Expert Syndrome: How to Avoid It
Paula tells Sophie that her relationship with her partner is really deteriorating, that she’s not happy at work, and that her family requires more attention than she can give them. Sophie nods while looking at some children playing in the park and replies “Paula, sometimes life isn’t what you expect. You have to be strong and not feel bitter. When I was unhappy, I used to take myself off and go to the park for a walk. Look at me now, I’m so happy with everything…” Sophie is demonstrating expert syndrome.
Do you think Sophie’s words will help Paula feel better?
Probably not. As you know, it’s easy to make the mistake of giving your opinion on something when the other person really just needs to be heard. In fact, Epictetus claimed ‘We have two ears and one mouth so that we can listen twice as much as we speak’. Nevertheless, at some point, you’ll either have heard a similar kind of advice to Sophie’s or maybe even offered it yourself. However, far from being useful, this kind of advice can often be irritating and even insulting.
This tendency to preach is what’s called ‘expert syndrome’. It’s not a pathological disorder. It merely refers to the way in which you sometimes feel the urge to talk about your own remedies that have helped you overcome difficult situations at some time or another in your life. Your intentions are good and you want to help the other person. On the other hand, there are some people who behave in this way to demonstrate their superiority and show off their ability to solve their own problems. Nevertheless, whatever the reason, it’s always possible to reeducate these kinds of bad habits and to learn how to communicate more effectively.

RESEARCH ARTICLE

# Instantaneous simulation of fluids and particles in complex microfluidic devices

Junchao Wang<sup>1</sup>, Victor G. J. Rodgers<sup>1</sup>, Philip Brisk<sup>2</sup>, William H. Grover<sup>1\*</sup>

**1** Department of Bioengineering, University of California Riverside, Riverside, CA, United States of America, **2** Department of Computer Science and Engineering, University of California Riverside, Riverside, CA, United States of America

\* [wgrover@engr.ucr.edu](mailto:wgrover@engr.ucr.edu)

Learn how to listen
Listening patiently is a charitable act. To do this, you need to be aware of the mistakes you often make when listening:
- Wait patiently for the other person to finish telling you about their problems.
- Eliminate the tendency to judge the lives of others from your own perspective. Don’t tell your story when they need to tell you theirs.
- It’s not appropriate to interrupt them. In fact, you should offer some kind of incentive for them to continue speaking. For example, by saying things like “I see” or “Hmm” or “You’re right”.
- Don’t get distracted. In the example at the beginning, Sophie was distracted and looked at the children in the park while Paula was talking. This conveyed to Paula that she wasn’t interested.
- Don’t respond superficially. Sometimes, we all just need to be heard and understood, we’re not looking for advice but an outlet. Therefore, it’s a mistake to offer premature help or solutions.
- Don’t argue. Some people, when you’re talking to them, continually try to refute what you say. Their intentions may be good but it makes communication difficult. If at any time, you feel tempted to do so, avoid it. For instance, eliminate questions like “Why not?”
- Allow emotional expressions such as crying or being silent and don’t try to control them. This conveys trust and connection.
- Obviously, the conversation doesn’t end when they finish talking. Indeed, it’s good to go over what’s been said. Furthermore, you should emphasize that you’ve understood what they’ve said to you.
- Non-verbal communication is essential. Direct your body and your gaze toward them. Let them know with your gestures that you’re willing to listen to them and that you’re interested in what they’re telling you.
Active listening is a skill that can be both learned and taught. Listening actively means paying attention to what the other person says. It means being empathic. In other words, putting yourself in their place. Always remember how important it is to listen. In this way, you’ll avoid expert syndrome.
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